Last week’s revised corn production estimates from USDA still came in record large at 13.1 billion bu. The new estimated was revised downward by about 20 million bu., based on updated harvest intentions from producers with un-harvested acres in Illinois and Minnesota, as well as updated production from Michigan. Producers in the Dakotas have yet to be re-polled.

But, according to last week’s monthly World Agriculture Supply and Demand Estimates (WASDE), the decrease in production is more than offset by expectations that the U.S. will export 100 million bu. fewer than projected last month. The result is an estimated increase of 80 million bu. for ending stocks (2009-10).

“As a result of accumulating stocks of grain and oilseeds in the world market, U.S. prices are expected to remain under pressure at least until the spring and summer months in the U.S. when the possibility of weather‐related crop production risk and uncertainty may provide more support,” explains Daniel O’Brien, Kansas State University Extension ag economist.

WASDE analysts lowered the top end of their price projection for corn by 20¢/bu. to a 2009-10 market year average of $3.45-$3.75.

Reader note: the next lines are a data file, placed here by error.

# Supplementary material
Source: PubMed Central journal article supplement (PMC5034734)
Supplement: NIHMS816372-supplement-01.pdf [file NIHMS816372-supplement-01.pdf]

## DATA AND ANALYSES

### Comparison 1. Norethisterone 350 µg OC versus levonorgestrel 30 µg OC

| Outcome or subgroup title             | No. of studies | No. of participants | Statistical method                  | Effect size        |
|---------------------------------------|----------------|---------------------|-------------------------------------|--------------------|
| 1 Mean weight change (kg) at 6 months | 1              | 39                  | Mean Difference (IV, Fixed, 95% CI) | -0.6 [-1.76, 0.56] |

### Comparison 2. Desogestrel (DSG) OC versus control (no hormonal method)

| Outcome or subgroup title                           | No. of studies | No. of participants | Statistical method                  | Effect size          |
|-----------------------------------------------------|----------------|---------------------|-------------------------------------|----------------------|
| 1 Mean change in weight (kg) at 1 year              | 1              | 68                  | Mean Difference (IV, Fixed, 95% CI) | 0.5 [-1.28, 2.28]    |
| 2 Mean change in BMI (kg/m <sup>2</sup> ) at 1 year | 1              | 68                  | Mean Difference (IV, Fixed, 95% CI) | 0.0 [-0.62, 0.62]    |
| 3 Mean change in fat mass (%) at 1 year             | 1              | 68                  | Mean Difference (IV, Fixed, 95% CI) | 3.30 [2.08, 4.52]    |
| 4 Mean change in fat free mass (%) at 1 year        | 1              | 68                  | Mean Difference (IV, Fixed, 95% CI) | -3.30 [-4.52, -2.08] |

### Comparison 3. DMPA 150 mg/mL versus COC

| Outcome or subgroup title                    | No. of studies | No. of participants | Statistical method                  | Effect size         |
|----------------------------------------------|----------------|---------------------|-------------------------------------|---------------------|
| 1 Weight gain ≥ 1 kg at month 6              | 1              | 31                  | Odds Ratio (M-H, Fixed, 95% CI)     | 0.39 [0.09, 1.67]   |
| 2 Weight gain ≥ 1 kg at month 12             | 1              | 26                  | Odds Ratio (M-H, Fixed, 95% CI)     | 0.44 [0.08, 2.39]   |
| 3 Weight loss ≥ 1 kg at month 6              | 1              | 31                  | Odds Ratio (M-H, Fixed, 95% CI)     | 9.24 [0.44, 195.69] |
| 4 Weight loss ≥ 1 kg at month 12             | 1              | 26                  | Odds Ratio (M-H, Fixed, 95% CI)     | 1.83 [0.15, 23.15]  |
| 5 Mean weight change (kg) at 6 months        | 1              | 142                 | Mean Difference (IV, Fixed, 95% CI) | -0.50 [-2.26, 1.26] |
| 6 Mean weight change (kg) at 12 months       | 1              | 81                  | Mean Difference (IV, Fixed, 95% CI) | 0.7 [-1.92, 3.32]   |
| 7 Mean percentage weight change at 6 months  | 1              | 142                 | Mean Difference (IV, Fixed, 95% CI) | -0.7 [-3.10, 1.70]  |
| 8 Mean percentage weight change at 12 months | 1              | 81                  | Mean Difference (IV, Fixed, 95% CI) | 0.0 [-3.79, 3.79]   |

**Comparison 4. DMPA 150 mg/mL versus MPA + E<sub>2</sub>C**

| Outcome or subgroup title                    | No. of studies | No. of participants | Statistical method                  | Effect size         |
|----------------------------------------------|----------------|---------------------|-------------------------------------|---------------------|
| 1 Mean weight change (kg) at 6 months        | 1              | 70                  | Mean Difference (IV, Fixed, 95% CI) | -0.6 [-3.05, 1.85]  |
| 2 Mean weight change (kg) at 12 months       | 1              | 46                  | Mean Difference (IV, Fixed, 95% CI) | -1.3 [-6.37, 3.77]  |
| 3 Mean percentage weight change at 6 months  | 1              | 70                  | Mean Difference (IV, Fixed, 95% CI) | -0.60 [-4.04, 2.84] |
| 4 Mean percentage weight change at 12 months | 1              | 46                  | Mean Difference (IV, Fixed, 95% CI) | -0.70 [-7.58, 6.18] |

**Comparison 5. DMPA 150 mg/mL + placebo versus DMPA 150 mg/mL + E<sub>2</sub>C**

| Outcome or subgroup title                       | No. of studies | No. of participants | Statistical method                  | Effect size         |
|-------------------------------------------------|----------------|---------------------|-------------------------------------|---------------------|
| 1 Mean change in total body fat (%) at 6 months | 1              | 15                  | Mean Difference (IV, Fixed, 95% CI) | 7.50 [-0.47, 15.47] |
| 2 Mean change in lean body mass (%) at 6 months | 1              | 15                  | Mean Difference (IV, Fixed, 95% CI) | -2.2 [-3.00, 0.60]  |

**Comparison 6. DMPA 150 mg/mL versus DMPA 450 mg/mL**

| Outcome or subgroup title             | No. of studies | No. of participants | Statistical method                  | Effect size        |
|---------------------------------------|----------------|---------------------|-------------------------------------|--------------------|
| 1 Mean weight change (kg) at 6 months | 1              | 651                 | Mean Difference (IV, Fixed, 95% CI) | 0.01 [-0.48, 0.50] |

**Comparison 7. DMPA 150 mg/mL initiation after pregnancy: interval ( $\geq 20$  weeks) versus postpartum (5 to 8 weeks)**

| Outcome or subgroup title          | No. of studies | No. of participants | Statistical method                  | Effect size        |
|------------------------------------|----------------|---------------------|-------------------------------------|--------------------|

Writing in his Grain Outlook newsletter last week, O’Brien said, “Although export demand for U.S. corn has been slower than previously expected, uncertainty about un-harvested 2009 corn production and worries about potentially wet spring field conditions may provide support for corn prices in coming months.”

He adds that a number of important supply‐related questions pertaining to the final size and quality of the U.S. 2009 corn crop weren’t addressed in the March WASDE report. These questions pertain to the impacts of:

  • Possible quality deterioration of some 2009 corn supplies that are now in storage or are still un-harvested;
  • Potential production losses on as much as 500‐650 million bushels of the 2009 U.S. crop corn that are still un-harvested in the Central, Western and Northern Corn Belt; and
  • The still-remote possibility of abandonment of un-harvested 2009 crop corn acres in spring 2010, due to wet soils and the subsequent need for farmers to begin planting the 2010 corn crop.
You can find more of Obrien’s insights at www.agmanager.info/.